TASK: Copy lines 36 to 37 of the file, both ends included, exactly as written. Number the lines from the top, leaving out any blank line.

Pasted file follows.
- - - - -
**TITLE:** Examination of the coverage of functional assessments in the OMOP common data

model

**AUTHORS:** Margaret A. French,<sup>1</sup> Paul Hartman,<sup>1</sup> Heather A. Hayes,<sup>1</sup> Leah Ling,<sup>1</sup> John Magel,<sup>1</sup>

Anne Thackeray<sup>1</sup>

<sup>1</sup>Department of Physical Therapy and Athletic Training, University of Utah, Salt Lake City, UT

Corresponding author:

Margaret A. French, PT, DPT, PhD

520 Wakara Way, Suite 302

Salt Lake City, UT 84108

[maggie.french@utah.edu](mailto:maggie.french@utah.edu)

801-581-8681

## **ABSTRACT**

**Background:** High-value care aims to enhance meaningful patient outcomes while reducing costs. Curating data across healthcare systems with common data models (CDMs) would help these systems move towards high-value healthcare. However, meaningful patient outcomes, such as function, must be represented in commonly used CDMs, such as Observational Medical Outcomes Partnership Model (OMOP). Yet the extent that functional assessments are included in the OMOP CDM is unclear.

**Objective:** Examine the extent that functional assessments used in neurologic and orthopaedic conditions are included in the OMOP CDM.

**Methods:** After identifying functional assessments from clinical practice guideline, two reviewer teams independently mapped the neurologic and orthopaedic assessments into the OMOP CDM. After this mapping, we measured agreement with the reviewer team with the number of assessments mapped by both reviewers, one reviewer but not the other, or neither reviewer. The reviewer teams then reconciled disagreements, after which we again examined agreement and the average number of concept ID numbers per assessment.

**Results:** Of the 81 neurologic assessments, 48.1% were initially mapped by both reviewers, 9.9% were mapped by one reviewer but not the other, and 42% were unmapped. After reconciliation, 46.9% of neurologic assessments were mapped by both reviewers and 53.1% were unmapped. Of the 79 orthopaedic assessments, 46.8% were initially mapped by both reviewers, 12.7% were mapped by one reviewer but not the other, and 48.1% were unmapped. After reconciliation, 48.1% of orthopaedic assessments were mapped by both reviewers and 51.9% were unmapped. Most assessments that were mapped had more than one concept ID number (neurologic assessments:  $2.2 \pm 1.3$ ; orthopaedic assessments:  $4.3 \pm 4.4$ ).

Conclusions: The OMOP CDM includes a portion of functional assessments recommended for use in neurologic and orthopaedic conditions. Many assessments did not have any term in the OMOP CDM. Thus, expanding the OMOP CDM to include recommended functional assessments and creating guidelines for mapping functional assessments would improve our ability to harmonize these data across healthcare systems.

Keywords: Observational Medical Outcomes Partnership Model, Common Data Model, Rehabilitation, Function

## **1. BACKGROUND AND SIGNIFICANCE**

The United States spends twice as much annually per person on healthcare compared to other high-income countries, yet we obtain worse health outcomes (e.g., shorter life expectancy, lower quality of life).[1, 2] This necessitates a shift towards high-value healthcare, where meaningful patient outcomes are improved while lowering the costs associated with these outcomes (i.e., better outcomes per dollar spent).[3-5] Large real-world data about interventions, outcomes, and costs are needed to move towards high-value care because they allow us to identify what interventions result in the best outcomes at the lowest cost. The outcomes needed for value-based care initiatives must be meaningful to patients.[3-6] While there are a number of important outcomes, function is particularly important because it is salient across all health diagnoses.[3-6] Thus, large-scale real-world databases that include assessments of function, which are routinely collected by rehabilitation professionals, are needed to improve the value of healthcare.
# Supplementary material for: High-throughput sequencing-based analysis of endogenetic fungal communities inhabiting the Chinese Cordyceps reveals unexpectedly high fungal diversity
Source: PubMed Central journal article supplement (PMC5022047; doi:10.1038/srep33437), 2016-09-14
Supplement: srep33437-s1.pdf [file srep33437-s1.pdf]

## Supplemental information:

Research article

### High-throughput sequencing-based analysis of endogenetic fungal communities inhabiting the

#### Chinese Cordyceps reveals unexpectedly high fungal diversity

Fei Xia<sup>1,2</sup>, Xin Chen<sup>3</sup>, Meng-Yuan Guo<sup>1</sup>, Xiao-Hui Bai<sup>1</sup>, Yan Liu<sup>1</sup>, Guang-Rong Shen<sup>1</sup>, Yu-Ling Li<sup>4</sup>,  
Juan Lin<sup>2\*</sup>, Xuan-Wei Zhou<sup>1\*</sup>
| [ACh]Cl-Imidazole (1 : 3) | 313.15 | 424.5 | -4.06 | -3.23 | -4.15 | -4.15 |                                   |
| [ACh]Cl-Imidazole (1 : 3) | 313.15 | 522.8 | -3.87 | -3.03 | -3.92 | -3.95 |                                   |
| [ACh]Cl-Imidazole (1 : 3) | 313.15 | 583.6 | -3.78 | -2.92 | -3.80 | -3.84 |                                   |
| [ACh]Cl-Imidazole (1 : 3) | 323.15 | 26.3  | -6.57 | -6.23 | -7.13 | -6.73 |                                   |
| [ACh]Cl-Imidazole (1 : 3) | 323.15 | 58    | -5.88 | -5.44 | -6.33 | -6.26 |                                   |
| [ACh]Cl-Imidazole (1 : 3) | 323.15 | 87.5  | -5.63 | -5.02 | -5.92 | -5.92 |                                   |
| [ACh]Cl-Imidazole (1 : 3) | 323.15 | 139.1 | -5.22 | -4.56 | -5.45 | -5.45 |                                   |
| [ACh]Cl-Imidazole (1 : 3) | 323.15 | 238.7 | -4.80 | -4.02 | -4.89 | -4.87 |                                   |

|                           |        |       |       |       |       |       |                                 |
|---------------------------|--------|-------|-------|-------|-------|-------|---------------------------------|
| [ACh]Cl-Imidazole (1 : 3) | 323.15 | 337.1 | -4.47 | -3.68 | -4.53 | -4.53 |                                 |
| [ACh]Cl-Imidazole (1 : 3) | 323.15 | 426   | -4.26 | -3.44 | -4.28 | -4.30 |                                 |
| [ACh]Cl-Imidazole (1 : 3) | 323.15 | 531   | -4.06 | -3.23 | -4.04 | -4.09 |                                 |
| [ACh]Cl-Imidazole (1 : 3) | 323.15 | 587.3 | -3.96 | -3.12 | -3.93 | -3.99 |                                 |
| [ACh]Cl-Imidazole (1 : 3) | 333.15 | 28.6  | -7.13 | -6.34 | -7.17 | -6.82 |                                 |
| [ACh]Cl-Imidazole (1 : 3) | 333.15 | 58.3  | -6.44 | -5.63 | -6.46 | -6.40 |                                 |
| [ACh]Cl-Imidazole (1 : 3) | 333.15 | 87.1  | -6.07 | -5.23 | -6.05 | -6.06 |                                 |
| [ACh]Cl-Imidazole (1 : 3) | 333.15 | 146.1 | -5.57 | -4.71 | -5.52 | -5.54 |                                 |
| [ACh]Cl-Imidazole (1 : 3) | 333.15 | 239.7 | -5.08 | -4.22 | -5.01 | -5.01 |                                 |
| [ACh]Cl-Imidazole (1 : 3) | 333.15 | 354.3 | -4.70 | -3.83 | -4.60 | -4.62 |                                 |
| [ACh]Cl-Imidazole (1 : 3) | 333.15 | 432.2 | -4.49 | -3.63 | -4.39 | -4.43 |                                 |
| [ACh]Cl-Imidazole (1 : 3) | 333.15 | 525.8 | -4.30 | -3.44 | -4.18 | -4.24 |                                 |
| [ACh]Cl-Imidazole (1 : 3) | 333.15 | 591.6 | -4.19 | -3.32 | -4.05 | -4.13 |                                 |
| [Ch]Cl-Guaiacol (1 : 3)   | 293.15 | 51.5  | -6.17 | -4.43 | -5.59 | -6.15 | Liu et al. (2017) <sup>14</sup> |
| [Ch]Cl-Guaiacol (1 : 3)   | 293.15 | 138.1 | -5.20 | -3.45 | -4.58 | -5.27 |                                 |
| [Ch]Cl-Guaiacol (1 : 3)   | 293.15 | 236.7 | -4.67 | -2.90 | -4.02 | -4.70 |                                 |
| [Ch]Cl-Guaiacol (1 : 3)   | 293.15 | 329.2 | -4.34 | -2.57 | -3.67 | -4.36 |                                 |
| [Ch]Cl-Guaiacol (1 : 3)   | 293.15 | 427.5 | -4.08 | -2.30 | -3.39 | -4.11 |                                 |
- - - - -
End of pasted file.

| [ACh]Cl-Imidazole (1 : 3) | 323.15 | 139.1 | -5.22 | -4.56 | -5.45 | -5.45 |                                   |
| [ACh]Cl-Imidazole (1 : 3) | 323.15 | 238.7 | -4.80 | -4.02 | -4.89 | -4.87 |                                   |